It is fair to say that this essentially optimistic vision reached its heights in the 1960s. Since then it has been significantly muted. Israel has not made peace with the Palestinians. It remains isolated and exposed. Nor did secular culture prove receptive to the moral message of Judaism. Indeed, the liberal democracies of the West have passed beyond modernity, with its faith in reason, science and progress, into post-modernity, the culture of disillusionment. Reason failed to cure prejudice. Science, far from saving the world, threatens its very future, whether by nuclear weaponry, environmental damage or genetic manipulation. Progress, as Robert Bellah memorably said, seems less compelling an ideal when it may turn out to be progress into the abyss.
Post-modernity is marked by an awareness of the limits of reason. It is sceptical of the Enlightenment project of uncovering rational foundations to human knowledge. It is distrustful of morality, meaning and meta-narrative. It finds no sense in the word ‘progress,’ the certainty that some states of affairs are objectively better than others. These doubts have wrought chaos in our social life. Marriage is no longer a socially sanctioned ideal. The stable nuclear family is becoming, not a norm but a rarity. The bonds of community have become attenuated. We prefer, in Robert Putnam’s phrase, to go ‘bowling alone.’ We are living, for the first time in two millennia, in an age of radical individualism and libertarianism, the condition that Sefer Shoftim describes as ish ha-yashar be-einav ya’aseh, “each doing what is right in his own eyes.” This presents Jews with a paradoxical situation. Never have we been freer to be Jews, but rarely have we faced a culture more antithetical to the values of Judaism, not superficially but at its very roots.
Under such circumstances, not only segregationist Jews feel estranged from the world around them. So too do Jews who grew up believing in integration. In words that resonate with our time, the Rambam wrote in Hilkhot Deot:
It is natural to be influenced, in sentiments and conduct, by one’s neighbours and associates, and observe the customs of one’s fellow citizens . . . So, if one lives in a country where the customs are pernicious and the inhabitants do not go in the right way, he should leave for a place where the people are righteous and follow the ways of the good. If all the countries of which he has personal knowledge, or concerning which he hears reports, follow a course which is not right – as is the case in our times – . . . he should live by himself in seclusion, as it is said, “Let him live alone and keep silence” (Lam. 3:28).
It was just this conclusion that was reached by the contemporary non-Jewish philosopher Alasdair MacIntyre in his great work, After Virtue. Comparing our time with the decline of the Roman empire and the subsequent Dark Ages, he writes:
A crucial turning point in that earlier history occurred when men and women of good will turned aside from the task of shoring up the Roman imperium and ceased to identify the continuation of civility and moral community with the maintenance of that imperium. What they set themselves to achieve instead – often not recognising fully what they were doing – was the construction of new forms of community within which the moral life could be sustained so that both morality and civility might survive the coming ages of barbarism and darkness. If my account of our moral condition is correct, we ought also to conclude that for some time now we have reached that turning point. What matters at this stage is the construction of local forms of community within which civility and the intellectual and moral life can be sustained through the new dark ages which are already upon us.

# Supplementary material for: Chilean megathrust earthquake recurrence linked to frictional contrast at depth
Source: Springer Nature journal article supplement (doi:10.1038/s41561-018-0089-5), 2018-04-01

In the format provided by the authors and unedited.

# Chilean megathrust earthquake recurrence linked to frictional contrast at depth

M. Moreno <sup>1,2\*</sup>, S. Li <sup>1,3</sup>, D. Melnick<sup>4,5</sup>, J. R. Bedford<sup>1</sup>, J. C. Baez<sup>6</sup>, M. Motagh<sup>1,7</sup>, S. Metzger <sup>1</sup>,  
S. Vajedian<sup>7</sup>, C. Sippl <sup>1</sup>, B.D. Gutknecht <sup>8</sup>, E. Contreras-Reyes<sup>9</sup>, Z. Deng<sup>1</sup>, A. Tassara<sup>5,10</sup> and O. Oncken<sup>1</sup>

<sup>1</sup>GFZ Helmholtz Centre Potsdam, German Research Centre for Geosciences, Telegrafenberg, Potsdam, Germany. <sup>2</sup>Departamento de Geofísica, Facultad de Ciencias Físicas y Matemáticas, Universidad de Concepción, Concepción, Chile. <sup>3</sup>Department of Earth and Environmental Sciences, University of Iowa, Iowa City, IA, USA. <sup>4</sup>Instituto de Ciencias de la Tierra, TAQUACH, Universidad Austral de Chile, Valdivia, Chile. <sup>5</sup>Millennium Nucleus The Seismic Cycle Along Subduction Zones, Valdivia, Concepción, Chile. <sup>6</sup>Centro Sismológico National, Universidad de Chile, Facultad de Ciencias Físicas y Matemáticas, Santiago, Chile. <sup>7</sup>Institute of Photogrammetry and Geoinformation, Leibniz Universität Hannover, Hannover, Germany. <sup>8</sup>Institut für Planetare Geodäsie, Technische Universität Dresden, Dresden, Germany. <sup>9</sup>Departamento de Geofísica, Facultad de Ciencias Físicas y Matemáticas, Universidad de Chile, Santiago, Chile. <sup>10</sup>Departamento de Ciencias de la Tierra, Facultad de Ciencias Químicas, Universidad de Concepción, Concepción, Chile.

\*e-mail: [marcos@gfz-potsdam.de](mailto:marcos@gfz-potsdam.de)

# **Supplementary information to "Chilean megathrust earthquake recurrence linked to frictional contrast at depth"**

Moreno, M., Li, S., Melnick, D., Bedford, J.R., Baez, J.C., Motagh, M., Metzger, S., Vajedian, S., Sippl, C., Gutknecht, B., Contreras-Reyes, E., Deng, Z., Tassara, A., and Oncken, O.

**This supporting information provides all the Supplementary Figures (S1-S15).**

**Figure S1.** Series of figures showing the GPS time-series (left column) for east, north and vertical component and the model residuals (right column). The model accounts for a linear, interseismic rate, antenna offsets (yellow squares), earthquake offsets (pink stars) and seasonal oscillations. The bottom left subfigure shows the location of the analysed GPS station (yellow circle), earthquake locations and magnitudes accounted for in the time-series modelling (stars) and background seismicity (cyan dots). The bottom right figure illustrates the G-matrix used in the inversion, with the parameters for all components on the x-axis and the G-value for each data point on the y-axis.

The traces of this awareness are visible throughout contemporary Orthodox life. Parents who felt drawn to Modern Orthodoxy or Religious Zionism have begun sending their children to schools and yeshivot of a more segregationist character. The centre no longer holds. Many today rightly feel that the risk of exposing our children to the Madonna-MTV culture is just too great. Nor is it, as it once was, a youth or counter-culture. It pervades everything from the great university campuses to the American and Israeli Supreme Courts. Western civilisation has moved from what was once called the Judeo-Christian ethic to a consumer-driven, choice-fixated culture without norms, ideals or shared values beyond the sovereign self, the freedom to be whatever one chooses, and to do whatever does not immediately harm others. Such a world is not chol but chiloni, not secular but secularist. It is impermeable to the values of kedushah.
This must force us to reconsider the relationship between Judaism and Western culture. They are no longer readily compatible. The world outside home, school and shul does not confirm, instead it directly challenges, the constitutive values of Judaism. Jewish education must go deeper and the experiential dimensions of Judaism must become more intense, if we are to give our children a moral-spiritual compass by which to chart their way in the wilderness of secular time.
Does this mean, though, that Judaism has nothing to say to the world outside? Quite the opposite. Precisely now are we called on to take up our classic vocation as the counter-voice in the conversation of mankind.